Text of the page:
What lessons from antiquity would you apply to product management?

What lessons from antiquity would you apply to product management?

I’m asked questions about product management from time to time. Here’s one I’ve answered recently:

Hi Jock,

So this this might seem a bit odd, but are there any lessons from antiquity given your background in Classics that one might apply to product management in the year 2020?

Best regards,


Read on for my reply!

Hi R,

Well, 2020’s been a dumpster fire of a year, to put it mildly. But here we are at the end of it, and we can look forward to a more hopeful 2021.

I’m not a marathon runner, and I have no intention of becoming one. However, 2020 has felt like an endurance test for everyone. On first blush, the origin of the modern marathon seems like an apt choice. The Athenian messenger Pheidippides (fy-dip-id-ees) supposedly1 ran 25 miles from Marathon to Athens to announce the defeat of the Persians. Then again, afterwards he keeled over and died, so that’s not exactly the hopeful note I was going for.

There’s a possibly more appropriate example in ancient Greek philosophy called Zeno’s paradox. If I remember it correctly, the way it goes is that if you’re going to run a marathon, you need to get halfway, but if you want to get halfway through a marathon, you need to get halfway towards that, and so on. So you end up with an infinite number of smaller and smaller divisions by half.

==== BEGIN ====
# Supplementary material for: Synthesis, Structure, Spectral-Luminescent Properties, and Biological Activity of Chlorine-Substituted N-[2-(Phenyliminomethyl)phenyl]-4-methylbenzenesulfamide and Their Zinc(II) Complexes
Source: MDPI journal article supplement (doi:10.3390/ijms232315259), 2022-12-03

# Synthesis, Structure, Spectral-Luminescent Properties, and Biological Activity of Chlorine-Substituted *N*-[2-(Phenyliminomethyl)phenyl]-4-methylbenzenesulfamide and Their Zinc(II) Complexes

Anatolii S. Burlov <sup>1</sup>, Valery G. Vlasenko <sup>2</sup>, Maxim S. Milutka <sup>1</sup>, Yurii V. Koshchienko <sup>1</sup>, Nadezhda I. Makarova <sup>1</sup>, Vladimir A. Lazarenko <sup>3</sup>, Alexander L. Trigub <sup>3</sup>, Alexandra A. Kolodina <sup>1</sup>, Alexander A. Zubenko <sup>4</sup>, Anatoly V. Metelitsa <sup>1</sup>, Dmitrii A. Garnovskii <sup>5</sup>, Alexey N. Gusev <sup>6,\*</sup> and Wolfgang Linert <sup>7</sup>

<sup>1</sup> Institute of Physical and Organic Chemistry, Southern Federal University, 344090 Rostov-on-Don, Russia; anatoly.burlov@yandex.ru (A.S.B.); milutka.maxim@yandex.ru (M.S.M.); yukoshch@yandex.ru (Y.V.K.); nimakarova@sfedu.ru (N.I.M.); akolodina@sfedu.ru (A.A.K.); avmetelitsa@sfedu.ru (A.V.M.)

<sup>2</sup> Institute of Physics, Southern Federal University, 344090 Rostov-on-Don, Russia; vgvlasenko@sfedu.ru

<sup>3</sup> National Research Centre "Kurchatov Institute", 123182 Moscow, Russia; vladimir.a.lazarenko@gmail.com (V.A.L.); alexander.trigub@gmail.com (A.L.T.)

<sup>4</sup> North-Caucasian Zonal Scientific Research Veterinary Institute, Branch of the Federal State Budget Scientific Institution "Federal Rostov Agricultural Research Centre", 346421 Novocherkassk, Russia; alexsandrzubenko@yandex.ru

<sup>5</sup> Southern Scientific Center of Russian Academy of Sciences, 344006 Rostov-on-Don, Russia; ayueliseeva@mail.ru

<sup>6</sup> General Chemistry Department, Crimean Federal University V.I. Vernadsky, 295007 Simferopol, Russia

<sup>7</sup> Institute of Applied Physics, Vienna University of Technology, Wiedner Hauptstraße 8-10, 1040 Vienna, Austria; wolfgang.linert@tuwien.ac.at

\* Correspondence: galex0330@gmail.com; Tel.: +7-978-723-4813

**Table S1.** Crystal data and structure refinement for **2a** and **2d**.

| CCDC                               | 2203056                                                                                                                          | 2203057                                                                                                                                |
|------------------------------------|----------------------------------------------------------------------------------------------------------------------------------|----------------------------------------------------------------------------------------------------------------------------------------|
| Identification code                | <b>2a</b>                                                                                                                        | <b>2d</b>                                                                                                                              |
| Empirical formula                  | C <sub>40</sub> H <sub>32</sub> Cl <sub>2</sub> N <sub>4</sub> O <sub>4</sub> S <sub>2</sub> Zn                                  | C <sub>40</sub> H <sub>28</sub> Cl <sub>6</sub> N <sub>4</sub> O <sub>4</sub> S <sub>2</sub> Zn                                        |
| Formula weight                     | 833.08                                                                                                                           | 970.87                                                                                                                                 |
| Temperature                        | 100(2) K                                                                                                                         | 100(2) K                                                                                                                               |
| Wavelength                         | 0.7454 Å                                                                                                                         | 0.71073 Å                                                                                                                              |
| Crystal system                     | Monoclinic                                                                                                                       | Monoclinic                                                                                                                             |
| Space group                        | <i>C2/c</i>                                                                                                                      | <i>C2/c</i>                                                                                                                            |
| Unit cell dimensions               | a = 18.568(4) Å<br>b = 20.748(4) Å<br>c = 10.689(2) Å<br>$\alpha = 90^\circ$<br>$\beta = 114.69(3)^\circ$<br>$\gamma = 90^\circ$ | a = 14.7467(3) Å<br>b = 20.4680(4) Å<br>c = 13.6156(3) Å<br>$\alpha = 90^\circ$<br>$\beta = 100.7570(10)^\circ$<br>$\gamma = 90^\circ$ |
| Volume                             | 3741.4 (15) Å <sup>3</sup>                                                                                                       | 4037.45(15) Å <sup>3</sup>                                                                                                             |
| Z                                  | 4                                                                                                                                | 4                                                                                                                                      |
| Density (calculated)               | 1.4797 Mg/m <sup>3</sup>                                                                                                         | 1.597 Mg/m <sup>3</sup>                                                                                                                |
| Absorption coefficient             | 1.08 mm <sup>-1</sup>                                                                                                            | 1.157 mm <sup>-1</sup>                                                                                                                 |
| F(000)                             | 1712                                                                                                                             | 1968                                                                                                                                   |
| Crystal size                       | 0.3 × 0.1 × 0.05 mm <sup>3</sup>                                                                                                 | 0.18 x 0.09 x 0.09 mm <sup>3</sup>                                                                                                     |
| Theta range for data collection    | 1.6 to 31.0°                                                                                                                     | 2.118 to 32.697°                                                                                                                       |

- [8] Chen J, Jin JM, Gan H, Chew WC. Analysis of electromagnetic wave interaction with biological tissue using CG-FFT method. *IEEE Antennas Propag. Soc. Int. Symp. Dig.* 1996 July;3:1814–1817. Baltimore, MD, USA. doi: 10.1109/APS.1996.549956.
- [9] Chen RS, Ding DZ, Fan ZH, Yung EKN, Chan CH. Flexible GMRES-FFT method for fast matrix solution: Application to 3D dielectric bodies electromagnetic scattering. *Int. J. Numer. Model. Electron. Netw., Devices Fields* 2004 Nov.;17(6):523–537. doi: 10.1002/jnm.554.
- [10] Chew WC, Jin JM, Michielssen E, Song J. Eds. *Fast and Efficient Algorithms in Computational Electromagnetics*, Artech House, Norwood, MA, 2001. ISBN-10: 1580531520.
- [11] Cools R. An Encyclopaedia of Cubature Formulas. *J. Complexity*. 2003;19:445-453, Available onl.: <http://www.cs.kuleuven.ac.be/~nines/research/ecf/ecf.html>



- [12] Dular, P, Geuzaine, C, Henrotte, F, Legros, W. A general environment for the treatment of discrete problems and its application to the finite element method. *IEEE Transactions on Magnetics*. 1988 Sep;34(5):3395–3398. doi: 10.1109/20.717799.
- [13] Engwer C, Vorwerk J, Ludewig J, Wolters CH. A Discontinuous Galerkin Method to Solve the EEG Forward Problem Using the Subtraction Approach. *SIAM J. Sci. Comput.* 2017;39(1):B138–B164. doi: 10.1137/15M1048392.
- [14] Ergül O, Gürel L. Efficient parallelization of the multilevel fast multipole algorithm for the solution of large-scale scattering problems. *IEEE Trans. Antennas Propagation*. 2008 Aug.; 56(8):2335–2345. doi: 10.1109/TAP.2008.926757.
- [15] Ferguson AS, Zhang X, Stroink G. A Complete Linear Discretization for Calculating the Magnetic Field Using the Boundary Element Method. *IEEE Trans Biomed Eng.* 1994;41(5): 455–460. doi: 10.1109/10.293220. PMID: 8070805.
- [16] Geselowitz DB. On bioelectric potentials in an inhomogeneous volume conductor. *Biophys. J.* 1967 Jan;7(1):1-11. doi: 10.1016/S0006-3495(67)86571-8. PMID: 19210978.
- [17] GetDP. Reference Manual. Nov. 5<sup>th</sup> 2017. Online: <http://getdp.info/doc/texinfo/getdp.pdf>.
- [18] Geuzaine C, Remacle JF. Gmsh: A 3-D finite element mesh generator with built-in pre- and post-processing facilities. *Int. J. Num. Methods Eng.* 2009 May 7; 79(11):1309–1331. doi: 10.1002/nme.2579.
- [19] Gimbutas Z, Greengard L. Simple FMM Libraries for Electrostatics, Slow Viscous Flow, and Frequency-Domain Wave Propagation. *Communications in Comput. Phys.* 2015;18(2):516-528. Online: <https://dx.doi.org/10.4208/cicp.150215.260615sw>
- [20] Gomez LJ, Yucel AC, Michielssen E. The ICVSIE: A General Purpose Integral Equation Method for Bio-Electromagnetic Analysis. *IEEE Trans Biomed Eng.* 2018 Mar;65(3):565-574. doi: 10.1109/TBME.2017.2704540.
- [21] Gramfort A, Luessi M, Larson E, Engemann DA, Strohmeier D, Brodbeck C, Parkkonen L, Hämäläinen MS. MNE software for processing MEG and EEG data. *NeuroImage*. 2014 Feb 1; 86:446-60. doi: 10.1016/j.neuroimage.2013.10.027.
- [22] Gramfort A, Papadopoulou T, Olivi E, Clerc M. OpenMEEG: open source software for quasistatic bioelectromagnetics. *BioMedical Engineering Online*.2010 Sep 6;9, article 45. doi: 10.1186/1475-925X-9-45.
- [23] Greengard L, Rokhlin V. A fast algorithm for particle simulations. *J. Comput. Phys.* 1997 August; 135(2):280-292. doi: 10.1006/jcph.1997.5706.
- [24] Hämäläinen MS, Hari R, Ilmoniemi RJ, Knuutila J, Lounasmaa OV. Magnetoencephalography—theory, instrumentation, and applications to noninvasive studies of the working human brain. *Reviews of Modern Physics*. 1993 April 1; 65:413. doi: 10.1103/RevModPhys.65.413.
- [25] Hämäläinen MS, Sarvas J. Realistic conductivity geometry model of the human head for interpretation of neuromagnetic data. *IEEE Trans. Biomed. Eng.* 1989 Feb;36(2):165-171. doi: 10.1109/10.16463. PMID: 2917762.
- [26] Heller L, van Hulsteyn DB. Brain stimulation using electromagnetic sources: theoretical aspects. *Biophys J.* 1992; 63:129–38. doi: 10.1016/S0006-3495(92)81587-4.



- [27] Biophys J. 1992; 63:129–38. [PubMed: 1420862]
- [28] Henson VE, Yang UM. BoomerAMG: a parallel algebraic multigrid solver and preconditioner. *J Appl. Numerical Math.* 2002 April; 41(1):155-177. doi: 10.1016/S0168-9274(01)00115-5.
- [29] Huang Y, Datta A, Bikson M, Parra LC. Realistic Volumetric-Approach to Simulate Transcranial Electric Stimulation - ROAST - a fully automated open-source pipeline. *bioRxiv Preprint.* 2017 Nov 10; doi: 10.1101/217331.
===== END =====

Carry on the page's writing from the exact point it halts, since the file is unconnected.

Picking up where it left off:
It can seem very overwhelming to run a marathon when you focus on how far you’ve got to run. But suddenly you’ll realise that actually you just need to take one step, then another, and another, then gradually you’re making progress, and that maybe it isn’t as overwhelming as you originally thought.

Zeno’s paradox tries to argue that you can never reach the finish line because of the infinite number of divisions you need to run through. Clearly that doesn’t bear out in real life because people do run marathons and of course they can reach the finish line. So if something seems overwhelmingly far off and difficult to achieve, you just need to take things one step at a time.

Whether you apply that to 2020, or to working towards your product vision, that seems like eminently sensible advice. All the best for 2021!



Notes #

  1. Herodotus the ancient Greek historian does mention a Pheidippides who delivered messages for the Athenian generals, but his famous run from Marathon to Athens and his subsequent demise may well be fictions added much later by other writers.

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The Practitioner's Guide to Product Management book cover

The Practitioner's Guide To Product Management

by Jock Busuttil

“This is a great book for Product Managers or those considering a career in Product Management.”

— Lyndsay Denton

Jock Busuttil is a freelance head of product, product management coach and author. He has spent over two decades working with technology companies to improve their product management practices, from startups to multinationals. In 2012 Jock founded Product People Limited, which provides product management consultancy, coaching and training. Its clients include BBC, University of Cambridge, Ometria, Prolific and the UK’s Ministry of Justice and Government Digital Service (GDS). Jock holds a master’s degree in Classics from the University of Cambridge. He is the author of the popular book The Practitioner’s Guide To Product Management, which was published in January 2015 by Grand Central Publishing in the US and Piatkus in the UK. He writes the blog I Manage Products and weekly product management newsletter PRODUCTHEAD. You can find him on Mastodon, Twitter and LinkedIn.

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